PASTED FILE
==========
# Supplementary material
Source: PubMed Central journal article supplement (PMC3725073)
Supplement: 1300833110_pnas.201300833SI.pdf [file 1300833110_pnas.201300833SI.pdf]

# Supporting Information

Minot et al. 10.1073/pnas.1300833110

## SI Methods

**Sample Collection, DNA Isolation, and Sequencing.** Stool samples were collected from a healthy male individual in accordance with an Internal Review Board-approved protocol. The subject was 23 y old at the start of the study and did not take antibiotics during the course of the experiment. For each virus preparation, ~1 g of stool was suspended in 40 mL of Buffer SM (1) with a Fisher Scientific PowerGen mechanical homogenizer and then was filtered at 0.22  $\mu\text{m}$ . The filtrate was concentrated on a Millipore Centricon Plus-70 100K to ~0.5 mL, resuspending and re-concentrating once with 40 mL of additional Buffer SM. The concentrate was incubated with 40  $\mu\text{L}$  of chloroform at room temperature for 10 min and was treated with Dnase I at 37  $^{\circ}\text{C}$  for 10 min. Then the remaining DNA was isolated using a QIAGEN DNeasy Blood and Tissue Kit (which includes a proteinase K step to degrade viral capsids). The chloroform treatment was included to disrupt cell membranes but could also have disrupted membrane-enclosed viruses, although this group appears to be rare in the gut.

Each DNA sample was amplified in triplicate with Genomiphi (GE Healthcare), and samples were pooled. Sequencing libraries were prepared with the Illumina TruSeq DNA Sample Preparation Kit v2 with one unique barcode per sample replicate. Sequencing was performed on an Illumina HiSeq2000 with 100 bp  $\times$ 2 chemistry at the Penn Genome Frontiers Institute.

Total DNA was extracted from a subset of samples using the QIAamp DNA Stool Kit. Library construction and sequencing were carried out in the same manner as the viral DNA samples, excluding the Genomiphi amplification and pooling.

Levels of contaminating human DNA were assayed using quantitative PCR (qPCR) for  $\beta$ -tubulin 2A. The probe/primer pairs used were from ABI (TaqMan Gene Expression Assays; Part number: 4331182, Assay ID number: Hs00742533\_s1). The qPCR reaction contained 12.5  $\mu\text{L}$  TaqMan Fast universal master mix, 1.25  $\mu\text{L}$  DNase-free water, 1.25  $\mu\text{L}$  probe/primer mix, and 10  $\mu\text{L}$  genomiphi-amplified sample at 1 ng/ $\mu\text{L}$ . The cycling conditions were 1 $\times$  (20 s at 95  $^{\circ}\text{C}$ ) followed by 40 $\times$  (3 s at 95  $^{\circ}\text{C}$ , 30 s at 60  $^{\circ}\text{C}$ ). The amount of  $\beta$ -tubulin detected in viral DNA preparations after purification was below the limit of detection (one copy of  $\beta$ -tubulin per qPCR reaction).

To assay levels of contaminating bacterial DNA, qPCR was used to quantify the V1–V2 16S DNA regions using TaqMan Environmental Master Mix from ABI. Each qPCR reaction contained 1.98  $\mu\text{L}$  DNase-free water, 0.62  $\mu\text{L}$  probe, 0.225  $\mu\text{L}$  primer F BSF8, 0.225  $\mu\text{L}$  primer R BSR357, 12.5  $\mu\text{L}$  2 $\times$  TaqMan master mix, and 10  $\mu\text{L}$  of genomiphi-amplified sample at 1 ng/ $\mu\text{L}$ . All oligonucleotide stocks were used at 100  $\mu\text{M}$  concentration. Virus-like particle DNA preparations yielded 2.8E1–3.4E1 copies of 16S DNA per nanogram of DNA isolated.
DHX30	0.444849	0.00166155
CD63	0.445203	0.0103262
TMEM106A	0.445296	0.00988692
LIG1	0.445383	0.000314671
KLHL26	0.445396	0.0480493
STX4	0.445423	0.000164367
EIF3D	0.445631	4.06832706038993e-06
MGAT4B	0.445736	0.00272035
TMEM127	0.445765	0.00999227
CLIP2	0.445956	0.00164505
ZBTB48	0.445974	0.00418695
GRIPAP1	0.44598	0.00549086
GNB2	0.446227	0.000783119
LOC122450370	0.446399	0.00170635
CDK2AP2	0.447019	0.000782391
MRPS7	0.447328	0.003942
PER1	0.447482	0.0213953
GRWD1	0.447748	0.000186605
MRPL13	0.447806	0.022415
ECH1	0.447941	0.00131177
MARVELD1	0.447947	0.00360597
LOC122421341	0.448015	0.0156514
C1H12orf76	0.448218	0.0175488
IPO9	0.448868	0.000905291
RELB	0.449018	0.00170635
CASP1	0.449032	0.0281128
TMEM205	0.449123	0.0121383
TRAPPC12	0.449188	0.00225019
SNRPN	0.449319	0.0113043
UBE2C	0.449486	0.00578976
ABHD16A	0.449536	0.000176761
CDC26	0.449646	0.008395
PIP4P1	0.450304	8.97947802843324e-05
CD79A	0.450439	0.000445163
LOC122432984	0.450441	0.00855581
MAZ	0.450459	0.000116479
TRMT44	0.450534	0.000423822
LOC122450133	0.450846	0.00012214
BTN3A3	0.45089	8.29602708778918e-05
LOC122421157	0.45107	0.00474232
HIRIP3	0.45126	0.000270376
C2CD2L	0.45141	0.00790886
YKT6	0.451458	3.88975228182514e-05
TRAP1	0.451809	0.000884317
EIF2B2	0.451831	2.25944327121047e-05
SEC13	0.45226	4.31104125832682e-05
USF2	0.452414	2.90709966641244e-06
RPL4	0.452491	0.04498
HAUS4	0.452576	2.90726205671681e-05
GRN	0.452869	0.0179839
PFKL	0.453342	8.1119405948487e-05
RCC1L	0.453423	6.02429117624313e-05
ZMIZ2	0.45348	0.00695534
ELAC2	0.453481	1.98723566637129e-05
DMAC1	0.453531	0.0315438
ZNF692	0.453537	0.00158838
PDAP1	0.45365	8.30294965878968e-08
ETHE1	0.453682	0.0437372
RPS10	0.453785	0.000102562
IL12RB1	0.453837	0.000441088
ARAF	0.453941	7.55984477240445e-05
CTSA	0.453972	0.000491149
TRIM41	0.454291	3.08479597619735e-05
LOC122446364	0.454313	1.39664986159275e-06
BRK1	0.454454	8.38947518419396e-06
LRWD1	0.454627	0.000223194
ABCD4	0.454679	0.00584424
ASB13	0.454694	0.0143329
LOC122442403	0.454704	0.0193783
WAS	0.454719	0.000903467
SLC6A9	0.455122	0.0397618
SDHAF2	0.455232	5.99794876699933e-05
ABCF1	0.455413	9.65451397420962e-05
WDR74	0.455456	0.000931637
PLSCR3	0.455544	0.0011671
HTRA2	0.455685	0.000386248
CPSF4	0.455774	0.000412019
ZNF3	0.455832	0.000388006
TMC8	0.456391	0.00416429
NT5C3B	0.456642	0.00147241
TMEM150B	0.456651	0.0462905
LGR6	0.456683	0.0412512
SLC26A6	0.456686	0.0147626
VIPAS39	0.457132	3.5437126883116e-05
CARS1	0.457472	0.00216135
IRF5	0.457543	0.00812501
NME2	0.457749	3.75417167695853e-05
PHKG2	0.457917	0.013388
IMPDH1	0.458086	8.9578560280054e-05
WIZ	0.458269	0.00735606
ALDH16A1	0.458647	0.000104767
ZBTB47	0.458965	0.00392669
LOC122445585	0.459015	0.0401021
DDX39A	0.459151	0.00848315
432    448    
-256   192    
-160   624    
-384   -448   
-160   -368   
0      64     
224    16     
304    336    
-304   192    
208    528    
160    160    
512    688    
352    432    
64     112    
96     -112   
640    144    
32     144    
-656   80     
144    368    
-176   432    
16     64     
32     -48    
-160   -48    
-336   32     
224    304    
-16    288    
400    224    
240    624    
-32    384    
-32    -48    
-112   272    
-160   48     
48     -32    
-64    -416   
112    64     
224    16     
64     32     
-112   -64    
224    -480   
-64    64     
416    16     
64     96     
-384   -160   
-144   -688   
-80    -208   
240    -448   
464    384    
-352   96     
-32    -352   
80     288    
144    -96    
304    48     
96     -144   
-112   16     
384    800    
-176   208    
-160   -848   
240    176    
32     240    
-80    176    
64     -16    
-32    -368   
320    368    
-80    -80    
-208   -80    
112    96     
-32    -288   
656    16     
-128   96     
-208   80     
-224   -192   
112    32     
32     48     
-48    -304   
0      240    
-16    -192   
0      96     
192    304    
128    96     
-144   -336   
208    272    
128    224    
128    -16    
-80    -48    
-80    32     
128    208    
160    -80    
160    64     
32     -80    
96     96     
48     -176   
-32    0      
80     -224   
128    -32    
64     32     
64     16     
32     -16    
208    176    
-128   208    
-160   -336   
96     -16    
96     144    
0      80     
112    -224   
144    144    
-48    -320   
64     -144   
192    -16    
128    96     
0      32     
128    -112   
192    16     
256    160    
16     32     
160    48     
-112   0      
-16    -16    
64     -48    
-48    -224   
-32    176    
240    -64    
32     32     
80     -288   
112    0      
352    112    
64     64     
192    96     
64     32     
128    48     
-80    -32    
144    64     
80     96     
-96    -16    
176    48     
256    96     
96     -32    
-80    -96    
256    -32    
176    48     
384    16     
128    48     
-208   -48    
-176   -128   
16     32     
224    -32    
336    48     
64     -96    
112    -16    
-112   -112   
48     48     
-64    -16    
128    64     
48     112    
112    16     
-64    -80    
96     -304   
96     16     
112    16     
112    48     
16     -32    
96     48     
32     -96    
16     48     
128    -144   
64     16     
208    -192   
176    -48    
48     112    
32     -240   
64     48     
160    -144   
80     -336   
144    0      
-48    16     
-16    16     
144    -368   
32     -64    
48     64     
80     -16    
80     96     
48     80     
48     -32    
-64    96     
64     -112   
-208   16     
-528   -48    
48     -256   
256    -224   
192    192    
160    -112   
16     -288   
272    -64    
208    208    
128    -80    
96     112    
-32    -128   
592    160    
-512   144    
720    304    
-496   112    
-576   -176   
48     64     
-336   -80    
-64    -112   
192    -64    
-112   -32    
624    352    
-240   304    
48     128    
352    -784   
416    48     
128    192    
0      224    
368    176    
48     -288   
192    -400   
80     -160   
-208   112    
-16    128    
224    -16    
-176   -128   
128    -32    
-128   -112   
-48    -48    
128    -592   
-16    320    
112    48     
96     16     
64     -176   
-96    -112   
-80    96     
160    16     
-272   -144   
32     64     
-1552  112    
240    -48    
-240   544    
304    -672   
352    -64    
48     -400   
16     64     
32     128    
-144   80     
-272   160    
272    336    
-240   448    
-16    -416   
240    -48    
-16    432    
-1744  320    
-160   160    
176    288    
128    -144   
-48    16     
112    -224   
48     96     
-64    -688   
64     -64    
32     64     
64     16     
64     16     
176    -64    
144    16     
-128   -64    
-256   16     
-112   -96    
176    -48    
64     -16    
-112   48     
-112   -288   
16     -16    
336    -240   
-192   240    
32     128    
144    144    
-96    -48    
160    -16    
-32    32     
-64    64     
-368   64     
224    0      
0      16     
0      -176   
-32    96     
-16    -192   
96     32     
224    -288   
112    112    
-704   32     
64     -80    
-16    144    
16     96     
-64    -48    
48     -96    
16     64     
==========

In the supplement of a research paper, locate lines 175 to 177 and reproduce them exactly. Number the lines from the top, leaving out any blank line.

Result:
-208   80     
-224   -192   
112    32     